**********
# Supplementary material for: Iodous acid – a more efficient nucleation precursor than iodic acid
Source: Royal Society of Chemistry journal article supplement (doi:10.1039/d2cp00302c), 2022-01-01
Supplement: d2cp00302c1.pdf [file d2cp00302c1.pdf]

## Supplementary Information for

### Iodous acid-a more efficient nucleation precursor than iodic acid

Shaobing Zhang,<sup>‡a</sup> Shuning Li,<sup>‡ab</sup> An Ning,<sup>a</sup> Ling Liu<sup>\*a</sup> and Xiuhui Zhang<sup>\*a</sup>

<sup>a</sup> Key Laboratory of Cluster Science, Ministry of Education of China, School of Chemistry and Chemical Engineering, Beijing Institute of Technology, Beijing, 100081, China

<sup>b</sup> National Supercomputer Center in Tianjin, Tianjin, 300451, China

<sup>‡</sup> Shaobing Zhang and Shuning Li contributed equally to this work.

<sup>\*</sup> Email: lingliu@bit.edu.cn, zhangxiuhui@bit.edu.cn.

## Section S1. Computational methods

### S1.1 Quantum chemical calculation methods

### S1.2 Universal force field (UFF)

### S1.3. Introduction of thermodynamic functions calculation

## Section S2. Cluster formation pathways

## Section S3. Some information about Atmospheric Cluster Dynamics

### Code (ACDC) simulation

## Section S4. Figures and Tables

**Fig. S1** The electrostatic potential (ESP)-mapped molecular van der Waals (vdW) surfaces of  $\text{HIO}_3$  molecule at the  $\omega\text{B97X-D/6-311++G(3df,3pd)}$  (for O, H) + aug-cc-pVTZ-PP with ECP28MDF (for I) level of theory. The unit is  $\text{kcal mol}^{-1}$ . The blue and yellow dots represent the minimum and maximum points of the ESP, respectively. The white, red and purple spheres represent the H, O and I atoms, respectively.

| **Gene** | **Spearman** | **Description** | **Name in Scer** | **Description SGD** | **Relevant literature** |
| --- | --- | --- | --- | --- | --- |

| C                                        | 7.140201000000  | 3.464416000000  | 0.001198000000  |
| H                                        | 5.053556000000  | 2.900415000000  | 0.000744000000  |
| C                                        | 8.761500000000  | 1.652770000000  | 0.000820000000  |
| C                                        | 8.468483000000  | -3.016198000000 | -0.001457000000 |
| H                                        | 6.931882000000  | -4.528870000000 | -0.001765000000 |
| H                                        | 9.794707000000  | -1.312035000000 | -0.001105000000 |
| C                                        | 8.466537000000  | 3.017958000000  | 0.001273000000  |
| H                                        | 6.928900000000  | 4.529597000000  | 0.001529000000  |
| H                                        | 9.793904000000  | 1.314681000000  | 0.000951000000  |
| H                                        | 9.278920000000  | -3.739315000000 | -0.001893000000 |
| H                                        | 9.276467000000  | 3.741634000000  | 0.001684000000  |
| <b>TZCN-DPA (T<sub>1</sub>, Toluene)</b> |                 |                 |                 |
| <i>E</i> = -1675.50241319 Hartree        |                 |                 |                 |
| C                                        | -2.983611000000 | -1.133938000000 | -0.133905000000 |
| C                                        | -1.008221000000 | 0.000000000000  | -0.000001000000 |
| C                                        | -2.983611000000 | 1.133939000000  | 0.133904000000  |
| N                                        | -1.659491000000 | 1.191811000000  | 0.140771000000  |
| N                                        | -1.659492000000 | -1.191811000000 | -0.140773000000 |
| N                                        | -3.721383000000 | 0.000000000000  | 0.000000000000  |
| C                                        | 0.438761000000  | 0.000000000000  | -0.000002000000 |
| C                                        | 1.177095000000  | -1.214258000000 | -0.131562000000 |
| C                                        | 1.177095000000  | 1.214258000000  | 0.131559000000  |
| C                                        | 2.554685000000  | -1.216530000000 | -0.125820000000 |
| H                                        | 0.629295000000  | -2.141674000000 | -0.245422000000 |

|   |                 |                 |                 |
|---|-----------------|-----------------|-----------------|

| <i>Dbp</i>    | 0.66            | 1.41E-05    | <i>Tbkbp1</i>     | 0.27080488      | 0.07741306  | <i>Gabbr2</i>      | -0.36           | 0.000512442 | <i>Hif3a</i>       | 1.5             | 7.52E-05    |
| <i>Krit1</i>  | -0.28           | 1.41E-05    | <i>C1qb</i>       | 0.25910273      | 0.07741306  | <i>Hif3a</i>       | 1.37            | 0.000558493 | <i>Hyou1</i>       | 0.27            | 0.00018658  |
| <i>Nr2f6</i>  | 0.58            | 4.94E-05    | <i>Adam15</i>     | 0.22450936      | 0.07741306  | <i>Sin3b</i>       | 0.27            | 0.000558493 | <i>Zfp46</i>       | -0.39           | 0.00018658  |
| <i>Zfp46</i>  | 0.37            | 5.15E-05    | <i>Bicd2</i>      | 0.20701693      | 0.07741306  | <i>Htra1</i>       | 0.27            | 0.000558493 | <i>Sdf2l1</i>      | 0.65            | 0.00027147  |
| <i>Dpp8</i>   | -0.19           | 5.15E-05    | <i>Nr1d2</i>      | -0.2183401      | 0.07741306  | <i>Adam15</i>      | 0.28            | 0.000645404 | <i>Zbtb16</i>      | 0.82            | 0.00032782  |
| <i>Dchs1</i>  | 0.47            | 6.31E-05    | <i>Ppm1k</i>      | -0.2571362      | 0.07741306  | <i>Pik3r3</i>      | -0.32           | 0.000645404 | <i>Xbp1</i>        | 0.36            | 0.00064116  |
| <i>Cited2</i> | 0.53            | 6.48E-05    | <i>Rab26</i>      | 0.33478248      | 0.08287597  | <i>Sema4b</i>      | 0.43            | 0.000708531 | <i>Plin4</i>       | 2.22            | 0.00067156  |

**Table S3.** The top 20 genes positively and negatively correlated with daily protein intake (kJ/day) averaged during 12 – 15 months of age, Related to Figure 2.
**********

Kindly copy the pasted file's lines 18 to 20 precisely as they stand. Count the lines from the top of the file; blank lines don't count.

## Section S4. Figures and Tables

**Fig. S1** The electrostatic potential (ESP)-mapped molecular van der Waals (vdW) surfaces of  $\text{HIO}_3$  molecule at the  $\omega\text{B97X-D/6-311++G(3df,3pd)}$  (for O, H) + aug-cc-pVTZ-PP with ECP28MDF (for I) level of theory. The unit is  $\text{kcal mol}^{-1}$ . The blue and yellow dots represent the minimum and maximum points of the ESP, respectively. The white, red and purple spheres represent the H, O and I atoms, respectively.

| **Gene** | **Spearman** | **Description** | **Name in Scer** | **Description SGD** | **Relevant literature** |